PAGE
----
Refer to our dedicated blog post for further insights into resolving common feed errors and locating their origins. It offers comprehensive guidance on identifying and rectifying these issues. Mastering Google Merchant Center: Fixing Common Product and Feed Errors.

Advanced Strategies for Product Feed Optimisation

In this article, we've highlighted various approaches and best practices for optimising Google Shopping feeds. Yet, the question remains: how do you effectively manage these optimisations?

The obvious step is to optimise your product content within your website's backend, which then integrates into your product feed and, subsequently, Google Merchant Center.
However, managing this process can be daunting, especially when dealing with many products. How would you handle optimisation at scale?


One method for scaling up title optimisation is leveraging feed rules within Google Merchant Center. These rules assist in manipulating content based on values and patterns within your product feed, allowing you to enhance and update various attributes efficiently.


For instance, consider a scenario where you're selling laptop sleeves. Your product titles provide basic information on the brand, product name, and size but need more critical details like colour and material. Incorporating colour and material information into your titles can significantly impact consumer searches, making it crucial to optimise titles accordingly.


What Are Feed Rules

Feed rules encompass logic instructions integrated into your Merchant Center account to manipulate attribute data, enhancing the quality of your product feed data.


Taking the example above, a feed rule can be implemented where the goal is to enrich product titles with colour and material details for increased visibility in long-tail search queries on Google Shopping. This rule would extract values from the colour and material attributes and append them to the product title.


The applied formula [material] + [product title] + [color] would transform a standard product title into a search-optimised version, expanding reach for more descriptive and likely higher-converting search queries.


For instance, the initial title "13" MacBook Sleeve, with embossing - for all models" could evolve into "Leather - 13" MacBook Sleeve, with embossing - for all models - Avocado".

Example Shopping Ad while discussing product title optimisation through the use of the color attribute and food rules in Google Merchant Center

The outcome would be a shopping ad similar to the above example, featuring an enriched product title containing search queries highly relevant to the product.

How To Modify A Title With A Merchant Center Feed Rule

Setting up a feed rule to alter your data in Google Merchant Center can be done by following the example below:

Step 1 > Access your Merchant Center account and navigate to your product feeds by clicking 'Products' in the left-hand menu and then selecting 'Feeds'.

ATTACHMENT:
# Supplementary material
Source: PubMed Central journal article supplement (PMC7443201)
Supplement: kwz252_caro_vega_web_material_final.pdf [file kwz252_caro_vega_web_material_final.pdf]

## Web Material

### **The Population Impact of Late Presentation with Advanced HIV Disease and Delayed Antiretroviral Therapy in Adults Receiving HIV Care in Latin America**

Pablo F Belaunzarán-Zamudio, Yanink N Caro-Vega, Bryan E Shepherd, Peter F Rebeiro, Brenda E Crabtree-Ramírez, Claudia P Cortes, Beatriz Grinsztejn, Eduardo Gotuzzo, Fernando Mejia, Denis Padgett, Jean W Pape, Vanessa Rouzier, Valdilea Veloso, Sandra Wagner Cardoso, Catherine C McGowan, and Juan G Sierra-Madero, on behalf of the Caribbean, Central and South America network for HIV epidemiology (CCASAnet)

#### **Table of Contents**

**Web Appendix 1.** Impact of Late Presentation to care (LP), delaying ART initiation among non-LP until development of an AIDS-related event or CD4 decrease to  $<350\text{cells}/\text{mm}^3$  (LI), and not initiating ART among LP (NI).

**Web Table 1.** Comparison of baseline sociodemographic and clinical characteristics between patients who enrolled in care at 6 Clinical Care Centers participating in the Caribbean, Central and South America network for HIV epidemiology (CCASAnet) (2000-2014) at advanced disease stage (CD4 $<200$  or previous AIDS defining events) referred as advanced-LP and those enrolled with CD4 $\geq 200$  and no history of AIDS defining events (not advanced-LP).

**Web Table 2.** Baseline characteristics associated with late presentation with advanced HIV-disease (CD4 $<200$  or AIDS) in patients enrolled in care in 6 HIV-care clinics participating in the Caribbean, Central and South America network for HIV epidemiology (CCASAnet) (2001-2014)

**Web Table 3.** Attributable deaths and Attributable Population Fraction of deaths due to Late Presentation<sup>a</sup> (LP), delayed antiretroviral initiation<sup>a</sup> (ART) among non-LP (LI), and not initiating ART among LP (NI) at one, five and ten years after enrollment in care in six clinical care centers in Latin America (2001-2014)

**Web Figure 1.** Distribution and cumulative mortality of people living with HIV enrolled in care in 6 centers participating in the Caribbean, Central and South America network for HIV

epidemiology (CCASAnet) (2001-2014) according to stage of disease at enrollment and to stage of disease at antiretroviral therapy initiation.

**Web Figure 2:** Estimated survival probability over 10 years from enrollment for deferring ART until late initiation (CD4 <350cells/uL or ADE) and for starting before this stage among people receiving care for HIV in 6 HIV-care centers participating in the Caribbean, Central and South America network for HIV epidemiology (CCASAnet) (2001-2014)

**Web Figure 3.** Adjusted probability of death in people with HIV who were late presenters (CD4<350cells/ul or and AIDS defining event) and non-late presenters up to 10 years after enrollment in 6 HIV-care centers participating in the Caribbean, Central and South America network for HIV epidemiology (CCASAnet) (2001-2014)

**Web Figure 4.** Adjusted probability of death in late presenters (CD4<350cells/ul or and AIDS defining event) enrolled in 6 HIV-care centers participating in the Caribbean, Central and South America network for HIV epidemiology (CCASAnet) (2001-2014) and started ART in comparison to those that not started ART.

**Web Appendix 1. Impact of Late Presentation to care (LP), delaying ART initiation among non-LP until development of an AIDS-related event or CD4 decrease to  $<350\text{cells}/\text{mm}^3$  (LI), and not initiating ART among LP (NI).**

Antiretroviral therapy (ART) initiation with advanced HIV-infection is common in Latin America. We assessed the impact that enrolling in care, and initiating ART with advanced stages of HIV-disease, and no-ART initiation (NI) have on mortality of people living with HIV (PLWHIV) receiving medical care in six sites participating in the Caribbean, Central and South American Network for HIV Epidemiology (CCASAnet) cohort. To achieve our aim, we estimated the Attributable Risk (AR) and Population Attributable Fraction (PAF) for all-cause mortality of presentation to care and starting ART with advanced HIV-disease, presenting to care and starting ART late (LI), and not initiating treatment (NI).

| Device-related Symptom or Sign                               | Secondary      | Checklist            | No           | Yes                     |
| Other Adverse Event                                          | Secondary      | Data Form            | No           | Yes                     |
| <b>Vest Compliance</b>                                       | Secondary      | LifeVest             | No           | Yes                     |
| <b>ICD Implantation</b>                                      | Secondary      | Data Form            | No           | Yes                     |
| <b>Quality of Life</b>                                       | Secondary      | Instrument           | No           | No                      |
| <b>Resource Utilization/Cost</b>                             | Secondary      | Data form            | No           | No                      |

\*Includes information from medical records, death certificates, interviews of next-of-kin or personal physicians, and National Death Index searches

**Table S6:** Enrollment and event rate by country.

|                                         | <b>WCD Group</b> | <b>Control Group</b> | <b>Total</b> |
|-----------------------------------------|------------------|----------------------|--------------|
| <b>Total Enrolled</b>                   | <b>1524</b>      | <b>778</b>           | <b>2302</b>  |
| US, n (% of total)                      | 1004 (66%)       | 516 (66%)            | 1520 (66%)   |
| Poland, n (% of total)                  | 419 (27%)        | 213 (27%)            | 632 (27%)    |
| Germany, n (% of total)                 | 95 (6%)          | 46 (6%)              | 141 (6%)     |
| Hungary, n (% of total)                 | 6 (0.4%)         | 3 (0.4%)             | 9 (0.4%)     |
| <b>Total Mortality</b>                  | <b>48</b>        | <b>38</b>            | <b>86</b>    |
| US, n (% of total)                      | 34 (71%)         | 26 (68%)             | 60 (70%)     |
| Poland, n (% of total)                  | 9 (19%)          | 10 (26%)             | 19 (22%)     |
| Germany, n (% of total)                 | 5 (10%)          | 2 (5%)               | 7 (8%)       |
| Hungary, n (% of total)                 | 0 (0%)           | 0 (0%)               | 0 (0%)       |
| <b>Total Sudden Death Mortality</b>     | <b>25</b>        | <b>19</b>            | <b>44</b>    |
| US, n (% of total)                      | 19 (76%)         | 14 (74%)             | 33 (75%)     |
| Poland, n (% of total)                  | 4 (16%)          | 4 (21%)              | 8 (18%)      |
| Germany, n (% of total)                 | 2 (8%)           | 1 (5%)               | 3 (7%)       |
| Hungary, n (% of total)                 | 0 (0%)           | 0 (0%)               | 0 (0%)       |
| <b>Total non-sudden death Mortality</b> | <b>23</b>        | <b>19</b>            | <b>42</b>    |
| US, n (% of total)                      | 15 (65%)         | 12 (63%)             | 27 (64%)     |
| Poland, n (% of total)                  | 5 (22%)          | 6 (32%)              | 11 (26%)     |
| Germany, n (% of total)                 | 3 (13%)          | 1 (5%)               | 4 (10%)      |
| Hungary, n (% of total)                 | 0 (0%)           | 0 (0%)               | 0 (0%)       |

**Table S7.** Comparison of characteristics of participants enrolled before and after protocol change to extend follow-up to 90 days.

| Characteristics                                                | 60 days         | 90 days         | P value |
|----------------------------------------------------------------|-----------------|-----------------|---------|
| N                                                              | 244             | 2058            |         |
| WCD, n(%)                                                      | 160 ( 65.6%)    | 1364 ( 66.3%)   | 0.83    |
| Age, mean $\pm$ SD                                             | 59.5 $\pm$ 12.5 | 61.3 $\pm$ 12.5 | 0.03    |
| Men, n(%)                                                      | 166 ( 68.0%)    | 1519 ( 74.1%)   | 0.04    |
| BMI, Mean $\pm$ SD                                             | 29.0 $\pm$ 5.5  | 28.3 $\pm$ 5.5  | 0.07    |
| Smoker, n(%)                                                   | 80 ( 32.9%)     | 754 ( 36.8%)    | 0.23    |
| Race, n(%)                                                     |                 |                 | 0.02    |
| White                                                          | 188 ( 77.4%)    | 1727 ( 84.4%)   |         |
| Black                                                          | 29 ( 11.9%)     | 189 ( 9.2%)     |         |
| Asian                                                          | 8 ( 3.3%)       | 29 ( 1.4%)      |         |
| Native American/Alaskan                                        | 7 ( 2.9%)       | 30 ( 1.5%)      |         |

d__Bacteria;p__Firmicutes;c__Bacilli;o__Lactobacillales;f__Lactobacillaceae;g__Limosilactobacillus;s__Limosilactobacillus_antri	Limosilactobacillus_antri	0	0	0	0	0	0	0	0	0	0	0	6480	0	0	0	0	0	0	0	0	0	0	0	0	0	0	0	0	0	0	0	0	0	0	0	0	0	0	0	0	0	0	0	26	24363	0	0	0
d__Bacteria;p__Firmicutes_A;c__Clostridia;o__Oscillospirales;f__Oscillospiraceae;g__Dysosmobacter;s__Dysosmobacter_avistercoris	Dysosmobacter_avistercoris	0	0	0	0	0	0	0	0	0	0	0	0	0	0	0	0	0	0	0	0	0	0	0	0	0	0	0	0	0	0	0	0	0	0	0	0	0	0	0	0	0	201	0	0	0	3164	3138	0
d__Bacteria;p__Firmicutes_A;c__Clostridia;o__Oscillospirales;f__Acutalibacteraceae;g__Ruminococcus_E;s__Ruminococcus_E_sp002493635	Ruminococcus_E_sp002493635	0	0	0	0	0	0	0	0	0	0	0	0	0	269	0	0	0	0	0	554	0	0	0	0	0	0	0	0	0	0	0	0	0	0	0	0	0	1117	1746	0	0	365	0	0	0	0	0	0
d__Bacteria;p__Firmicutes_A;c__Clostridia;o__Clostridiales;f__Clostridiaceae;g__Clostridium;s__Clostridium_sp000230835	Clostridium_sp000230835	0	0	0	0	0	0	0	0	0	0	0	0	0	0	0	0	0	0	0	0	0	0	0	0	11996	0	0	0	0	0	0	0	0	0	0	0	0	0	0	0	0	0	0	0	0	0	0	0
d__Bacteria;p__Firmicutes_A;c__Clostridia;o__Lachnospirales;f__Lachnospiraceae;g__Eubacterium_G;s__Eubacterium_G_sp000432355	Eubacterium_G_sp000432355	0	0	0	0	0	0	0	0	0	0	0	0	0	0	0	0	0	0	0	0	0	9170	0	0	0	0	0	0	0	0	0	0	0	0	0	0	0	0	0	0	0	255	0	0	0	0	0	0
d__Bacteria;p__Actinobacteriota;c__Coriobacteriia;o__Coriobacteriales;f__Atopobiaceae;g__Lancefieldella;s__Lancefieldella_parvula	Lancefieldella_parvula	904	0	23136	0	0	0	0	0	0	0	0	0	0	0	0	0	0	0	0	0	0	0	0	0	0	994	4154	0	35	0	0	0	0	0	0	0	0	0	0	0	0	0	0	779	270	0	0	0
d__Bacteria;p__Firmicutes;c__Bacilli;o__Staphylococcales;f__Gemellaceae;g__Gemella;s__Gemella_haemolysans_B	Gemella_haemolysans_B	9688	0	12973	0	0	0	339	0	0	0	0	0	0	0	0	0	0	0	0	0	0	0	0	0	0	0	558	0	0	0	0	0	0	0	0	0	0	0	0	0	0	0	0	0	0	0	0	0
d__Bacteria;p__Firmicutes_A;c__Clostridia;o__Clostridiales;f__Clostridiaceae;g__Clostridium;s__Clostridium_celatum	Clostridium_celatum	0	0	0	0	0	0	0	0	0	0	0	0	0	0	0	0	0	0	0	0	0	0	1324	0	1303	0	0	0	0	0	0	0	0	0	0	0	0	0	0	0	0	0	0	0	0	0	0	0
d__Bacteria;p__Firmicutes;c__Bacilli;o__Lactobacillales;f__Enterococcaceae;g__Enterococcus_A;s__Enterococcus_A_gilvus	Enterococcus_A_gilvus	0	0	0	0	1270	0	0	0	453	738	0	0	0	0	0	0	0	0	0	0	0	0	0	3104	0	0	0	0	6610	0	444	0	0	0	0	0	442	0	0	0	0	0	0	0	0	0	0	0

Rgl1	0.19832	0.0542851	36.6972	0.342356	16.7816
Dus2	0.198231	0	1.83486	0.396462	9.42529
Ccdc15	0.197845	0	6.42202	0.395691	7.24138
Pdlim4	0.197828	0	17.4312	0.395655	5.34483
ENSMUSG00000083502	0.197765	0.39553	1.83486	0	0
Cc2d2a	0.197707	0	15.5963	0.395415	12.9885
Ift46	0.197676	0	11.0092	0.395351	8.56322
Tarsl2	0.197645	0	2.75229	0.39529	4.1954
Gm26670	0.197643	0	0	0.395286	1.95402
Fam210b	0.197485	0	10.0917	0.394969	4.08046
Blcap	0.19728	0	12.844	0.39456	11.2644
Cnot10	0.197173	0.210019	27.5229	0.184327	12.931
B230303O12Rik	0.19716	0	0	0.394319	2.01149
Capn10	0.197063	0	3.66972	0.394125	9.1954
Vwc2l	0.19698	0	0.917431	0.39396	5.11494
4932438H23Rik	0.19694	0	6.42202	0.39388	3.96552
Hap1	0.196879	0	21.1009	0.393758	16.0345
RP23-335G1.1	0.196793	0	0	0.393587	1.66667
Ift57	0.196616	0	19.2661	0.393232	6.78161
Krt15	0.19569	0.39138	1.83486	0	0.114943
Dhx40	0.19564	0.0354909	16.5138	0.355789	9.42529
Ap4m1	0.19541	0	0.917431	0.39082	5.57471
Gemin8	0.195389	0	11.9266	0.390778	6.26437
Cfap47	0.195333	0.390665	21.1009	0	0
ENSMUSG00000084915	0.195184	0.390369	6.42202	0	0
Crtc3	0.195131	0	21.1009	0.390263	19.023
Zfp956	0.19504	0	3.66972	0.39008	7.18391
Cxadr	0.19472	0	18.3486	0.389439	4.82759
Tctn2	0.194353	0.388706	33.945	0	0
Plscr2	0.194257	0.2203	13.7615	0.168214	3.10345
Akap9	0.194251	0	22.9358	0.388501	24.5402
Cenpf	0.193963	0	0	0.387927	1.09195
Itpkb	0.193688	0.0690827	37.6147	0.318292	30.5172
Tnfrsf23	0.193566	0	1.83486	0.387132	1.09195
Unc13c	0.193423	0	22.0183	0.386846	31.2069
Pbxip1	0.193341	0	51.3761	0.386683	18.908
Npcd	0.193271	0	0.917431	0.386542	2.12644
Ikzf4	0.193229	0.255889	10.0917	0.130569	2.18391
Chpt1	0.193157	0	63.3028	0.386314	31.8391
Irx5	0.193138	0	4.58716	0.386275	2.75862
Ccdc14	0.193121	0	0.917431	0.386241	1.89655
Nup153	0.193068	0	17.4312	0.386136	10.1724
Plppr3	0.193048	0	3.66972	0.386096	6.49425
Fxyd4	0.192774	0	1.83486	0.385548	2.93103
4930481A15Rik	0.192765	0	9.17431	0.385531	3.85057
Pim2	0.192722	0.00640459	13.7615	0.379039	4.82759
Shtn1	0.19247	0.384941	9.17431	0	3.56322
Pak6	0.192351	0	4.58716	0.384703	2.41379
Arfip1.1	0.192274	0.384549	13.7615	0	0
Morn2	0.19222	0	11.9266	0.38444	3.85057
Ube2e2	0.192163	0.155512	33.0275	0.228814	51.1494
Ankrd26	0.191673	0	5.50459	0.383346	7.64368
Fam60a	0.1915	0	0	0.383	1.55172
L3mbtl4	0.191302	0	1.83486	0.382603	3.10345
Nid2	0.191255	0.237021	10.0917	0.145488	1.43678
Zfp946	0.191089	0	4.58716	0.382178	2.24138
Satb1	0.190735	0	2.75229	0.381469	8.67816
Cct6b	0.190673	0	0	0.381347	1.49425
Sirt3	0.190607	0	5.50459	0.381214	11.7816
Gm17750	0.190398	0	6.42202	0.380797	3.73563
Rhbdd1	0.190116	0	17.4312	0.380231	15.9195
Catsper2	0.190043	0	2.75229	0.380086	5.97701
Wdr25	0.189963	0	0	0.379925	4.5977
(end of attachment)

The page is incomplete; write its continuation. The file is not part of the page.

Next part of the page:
Step 2 > Choose the specific feed you wish to modify from your feed list.

Step 3 > At the top of the interface, select the 'Feed Rules' tab.

Screen shot of Google Merchant Center annotated, to indicate where to access Feed Rules

Step 4 > Click on the circular plus button to create a new feed rule. Upon clicking, a popup menu will appear, asking which attribute you want to modify. For instance, select 'title' from the 'Processed attributes'.

Step 5 > Click 'add modification' on the left and opt for 'prepend, ' which allows you to add an attribute value at the beginning of a title.

Suppose you want to prepend your product title with values from your feed's 'color' attribute. Choose 'color' from the dropdown list next to 'prepend'.

Ensure you select the color attribute specific to your source feed. This selection should resemble the example screen grab below.

Screen grab of Google Merchant Center interface, when creating a feed rule to prepend the color attribute to product title attribute

Step 6 > Insert space between your prepended color and the original title. In the 'Type/Select' box positioned to the right of your color attribute, click, press the space bar, and select the empty quote that appears. This ensures you add a space between the value you are prepending and your original product title.

Step 7 > Once the above steps are completed, your modification rule should resemble the screenshot below. If satisfied, click 'OK'. You can then save the draft of your modification in the next screen and conduct a test to review the potential change.

screen shot of Google Merchant Center interface when creating a feed rule to prepend product title with color attribute - final steps

Step 8 > Apply the rule to your live feed. After saving your rule, re-process your product feed to prompt Google Merchant Center to implement the rules for your live product ads. Once completed, review your modifications in the 'Products' tab of Merchant Center.

Sales And Merchant Promotions

Sales and merchant promotions are crucial in enticing potential shoppers and encouraging a higher click-through rate. They effectively communicate discounts at various levels, whether at the SKU, category, or site-wide.

You'd carry out this process to manage promotions within your Merchant Center account. First, designate the products you want to include in your sale by utilising the promotion_id attribute in your product feed. This works as a hook to connect each product with the promotion you set up in the Merchant center. So, with this feature, you can run many different promotions across different products.